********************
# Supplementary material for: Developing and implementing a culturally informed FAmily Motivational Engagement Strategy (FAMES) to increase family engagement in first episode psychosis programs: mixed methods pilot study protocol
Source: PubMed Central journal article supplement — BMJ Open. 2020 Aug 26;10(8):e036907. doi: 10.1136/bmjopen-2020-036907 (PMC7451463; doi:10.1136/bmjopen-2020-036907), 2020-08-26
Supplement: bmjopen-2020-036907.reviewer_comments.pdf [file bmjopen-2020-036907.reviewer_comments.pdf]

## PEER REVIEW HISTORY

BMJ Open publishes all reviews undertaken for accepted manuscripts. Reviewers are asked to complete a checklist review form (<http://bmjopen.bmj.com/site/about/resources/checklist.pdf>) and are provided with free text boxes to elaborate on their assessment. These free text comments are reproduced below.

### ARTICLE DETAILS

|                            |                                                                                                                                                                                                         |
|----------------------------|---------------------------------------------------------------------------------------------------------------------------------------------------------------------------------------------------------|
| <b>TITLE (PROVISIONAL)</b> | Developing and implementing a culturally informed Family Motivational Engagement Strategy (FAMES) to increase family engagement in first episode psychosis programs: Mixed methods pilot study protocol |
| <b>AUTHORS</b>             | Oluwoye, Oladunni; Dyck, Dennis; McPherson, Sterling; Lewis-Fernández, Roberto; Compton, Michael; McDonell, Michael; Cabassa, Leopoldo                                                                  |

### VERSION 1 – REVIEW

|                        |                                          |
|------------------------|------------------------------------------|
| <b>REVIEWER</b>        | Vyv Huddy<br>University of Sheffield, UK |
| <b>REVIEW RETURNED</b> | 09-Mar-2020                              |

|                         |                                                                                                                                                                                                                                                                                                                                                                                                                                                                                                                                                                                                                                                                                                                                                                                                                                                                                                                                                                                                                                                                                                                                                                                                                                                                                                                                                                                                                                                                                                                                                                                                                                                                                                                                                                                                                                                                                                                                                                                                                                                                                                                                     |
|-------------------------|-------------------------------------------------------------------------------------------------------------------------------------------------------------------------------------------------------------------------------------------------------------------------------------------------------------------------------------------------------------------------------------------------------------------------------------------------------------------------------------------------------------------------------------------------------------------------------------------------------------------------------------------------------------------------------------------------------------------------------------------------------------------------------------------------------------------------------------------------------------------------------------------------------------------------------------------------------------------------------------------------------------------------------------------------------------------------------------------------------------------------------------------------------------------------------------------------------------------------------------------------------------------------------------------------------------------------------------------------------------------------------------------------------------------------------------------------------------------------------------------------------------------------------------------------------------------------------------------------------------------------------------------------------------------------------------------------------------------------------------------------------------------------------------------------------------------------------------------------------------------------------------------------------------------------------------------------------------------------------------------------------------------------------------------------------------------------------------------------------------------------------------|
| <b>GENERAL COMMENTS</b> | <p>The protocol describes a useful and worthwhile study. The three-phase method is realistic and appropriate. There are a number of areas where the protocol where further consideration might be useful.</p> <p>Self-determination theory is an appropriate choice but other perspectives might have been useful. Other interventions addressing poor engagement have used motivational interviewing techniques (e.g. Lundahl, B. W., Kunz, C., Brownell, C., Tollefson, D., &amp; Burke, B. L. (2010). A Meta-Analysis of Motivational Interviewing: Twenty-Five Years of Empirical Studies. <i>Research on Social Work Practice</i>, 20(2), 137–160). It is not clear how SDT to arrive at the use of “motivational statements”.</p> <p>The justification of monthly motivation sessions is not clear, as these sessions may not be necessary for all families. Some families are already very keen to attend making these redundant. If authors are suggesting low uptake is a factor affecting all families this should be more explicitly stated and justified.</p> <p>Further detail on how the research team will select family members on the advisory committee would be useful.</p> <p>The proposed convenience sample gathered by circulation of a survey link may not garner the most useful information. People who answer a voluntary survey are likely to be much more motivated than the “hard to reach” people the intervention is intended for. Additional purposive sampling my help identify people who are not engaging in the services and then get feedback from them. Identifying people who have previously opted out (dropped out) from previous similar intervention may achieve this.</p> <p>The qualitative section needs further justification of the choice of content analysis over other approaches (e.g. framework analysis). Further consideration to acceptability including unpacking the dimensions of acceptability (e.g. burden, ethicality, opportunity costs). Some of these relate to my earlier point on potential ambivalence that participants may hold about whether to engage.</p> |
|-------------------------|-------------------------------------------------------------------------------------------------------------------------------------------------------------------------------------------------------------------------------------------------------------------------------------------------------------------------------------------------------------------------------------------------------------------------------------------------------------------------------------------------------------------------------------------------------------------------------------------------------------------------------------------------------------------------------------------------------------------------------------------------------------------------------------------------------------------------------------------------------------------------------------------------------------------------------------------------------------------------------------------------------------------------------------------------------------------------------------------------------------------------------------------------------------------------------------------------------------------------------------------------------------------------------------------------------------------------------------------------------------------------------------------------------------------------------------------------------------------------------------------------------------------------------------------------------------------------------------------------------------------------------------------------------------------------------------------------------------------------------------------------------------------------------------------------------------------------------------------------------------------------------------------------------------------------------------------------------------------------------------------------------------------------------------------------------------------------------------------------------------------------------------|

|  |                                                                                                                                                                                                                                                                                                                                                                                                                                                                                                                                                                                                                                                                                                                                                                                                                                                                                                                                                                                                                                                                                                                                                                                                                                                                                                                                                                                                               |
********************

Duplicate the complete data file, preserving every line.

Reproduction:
# Supplementary material for: Developing and implementing a culturally informed FAmily Motivational Engagement Strategy (FAMES) to increase family engagement in first episode psychosis programs: mixed methods pilot study protocol
Source: PubMed Central journal article supplement — BMJ Open. 2020 Aug 26;10(8):e036907. doi: 10.1136/bmjopen-2020-036907 (PMC7451463; doi:10.1136/bmjopen-2020-036907), 2020-08-26
Supplement: bmjopen-2020-036907.reviewer_comments.pdf [file bmjopen-2020-036907.reviewer_comments.pdf]

## PEER REVIEW HISTORY

BMJ Open publishes all reviews undertaken for accepted manuscripts. Reviewers are asked to complete a checklist review form (<http://bmjopen.bmj.com/site/about/resources/checklist.pdf>) and are provided with free text boxes to elaborate on their assessment. These free text comments are reproduced below.

### ARTICLE DETAILS

|                            |                                                                                                                                                                                                         |
|----------------------------|---------------------------------------------------------------------------------------------------------------------------------------------------------------------------------------------------------|
| <b>TITLE (PROVISIONAL)</b> | Developing and implementing a culturally informed Family Motivational Engagement Strategy (FAMES) to increase family engagement in first episode psychosis programs: Mixed methods pilot study protocol |
| <b>AUTHORS</b>             | Oluwoye, Oladunni; Dyck, Dennis; McPherson, Sterling; Lewis-Fernández, Roberto; Compton, Michael; McDonell, Michael; Cabassa, Leopoldo                                                                  |

### VERSION 1 – REVIEW

|                        |                                          |
|------------------------|------------------------------------------|
| <b>REVIEWER</b>        | Vyv Huddy<br>University of Sheffield, UK |
| <b>REVIEW RETURNED</b> | 09-Mar-2020                              |

|                         |                                                                                                                                                                                                                                                                                                                                                                                                                                                                                                                                                                                                                                                                                                                                                                                                                                                                                                                                                                                                                                                                                                                                                                                                                                                                                                                                                                                                                                                                                                                                                                                                                                                                                                                                                                                                                                                                                                                                                                                                                                                                                                                                     |
|-------------------------|-------------------------------------------------------------------------------------------------------------------------------------------------------------------------------------------------------------------------------------------------------------------------------------------------------------------------------------------------------------------------------------------------------------------------------------------------------------------------------------------------------------------------------------------------------------------------------------------------------------------------------------------------------------------------------------------------------------------------------------------------------------------------------------------------------------------------------------------------------------------------------------------------------------------------------------------------------------------------------------------------------------------------------------------------------------------------------------------------------------------------------------------------------------------------------------------------------------------------------------------------------------------------------------------------------------------------------------------------------------------------------------------------------------------------------------------------------------------------------------------------------------------------------------------------------------------------------------------------------------------------------------------------------------------------------------------------------------------------------------------------------------------------------------------------------------------------------------------------------------------------------------------------------------------------------------------------------------------------------------------------------------------------------------------------------------------------------------------------------------------------------------|
| <b>GENERAL COMMENTS</b> | <p>The protocol describes a useful and worthwhile study. The three-phase method is realistic and appropriate. There are a number of areas where the protocol where further consideration might be useful.</p> <p>Self-determination theory is an appropriate choice but other perspectives might have been useful. Other interventions addressing poor engagement have used motivational interviewing techniques (e.g. Lundahl, B. W., Kunz, C., Brownell, C., Tollefson, D., &amp; Burke, B. L. (2010). A Meta-Analysis of Motivational Interviewing: Twenty-Five Years of Empirical Studies. <i>Research on Social Work Practice</i>, 20(2), 137–160). It is not clear how SDT to arrive at the use of “motivational statements”.</p> <p>The justification of monthly motivation sessions is not clear, as these sessions may not be necessary for all families. Some families are already very keen to attend making these redundant. If authors are suggesting low uptake is a factor affecting all families this should be more explicitly stated and justified.</p> <p>Further detail on how the research team will select family members on the advisory committee would be useful.</p> <p>The proposed convenience sample gathered by circulation of a survey link may not garner the most useful information. People who answer a voluntary survey are likely to be much more motivated than the “hard to reach” people the intervention is intended for. Additional purposive sampling my help identify people who are not engaging in the services and then get feedback from them. Identifying people who have previously opted out (dropped out) from previous similar intervention may achieve this.</p> <p>The qualitative section needs further justification of the choice of content analysis over other approaches (e.g. framework analysis). Further consideration to acceptability including unpacking the dimensions of acceptability (e.g. burden, ethicality, opportunity costs). Some of these relate to my earlier point on potential ambivalence that participants may hold about whether to engage.</p> |
|-------------------------|-------------------------------------------------------------------------------------------------------------------------------------------------------------------------------------------------------------------------------------------------------------------------------------------------------------------------------------------------------------------------------------------------------------------------------------------------------------------------------------------------------------------------------------------------------------------------------------------------------------------------------------------------------------------------------------------------------------------------------------------------------------------------------------------------------------------------------------------------------------------------------------------------------------------------------------------------------------------------------------------------------------------------------------------------------------------------------------------------------------------------------------------------------------------------------------------------------------------------------------------------------------------------------------------------------------------------------------------------------------------------------------------------------------------------------------------------------------------------------------------------------------------------------------------------------------------------------------------------------------------------------------------------------------------------------------------------------------------------------------------------------------------------------------------------------------------------------------------------------------------------------------------------------------------------------------------------------------------------------------------------------------------------------------------------------------------------------------------------------------------------------------|

|  |                                                                                                                                                                                                                                                                                                                                                                                                                                                                                                                                                                                                                                                                                                                                                                                                                                                                                                                                                                                                                                                                                                                                                                                                                                                                                                                                                                                                               |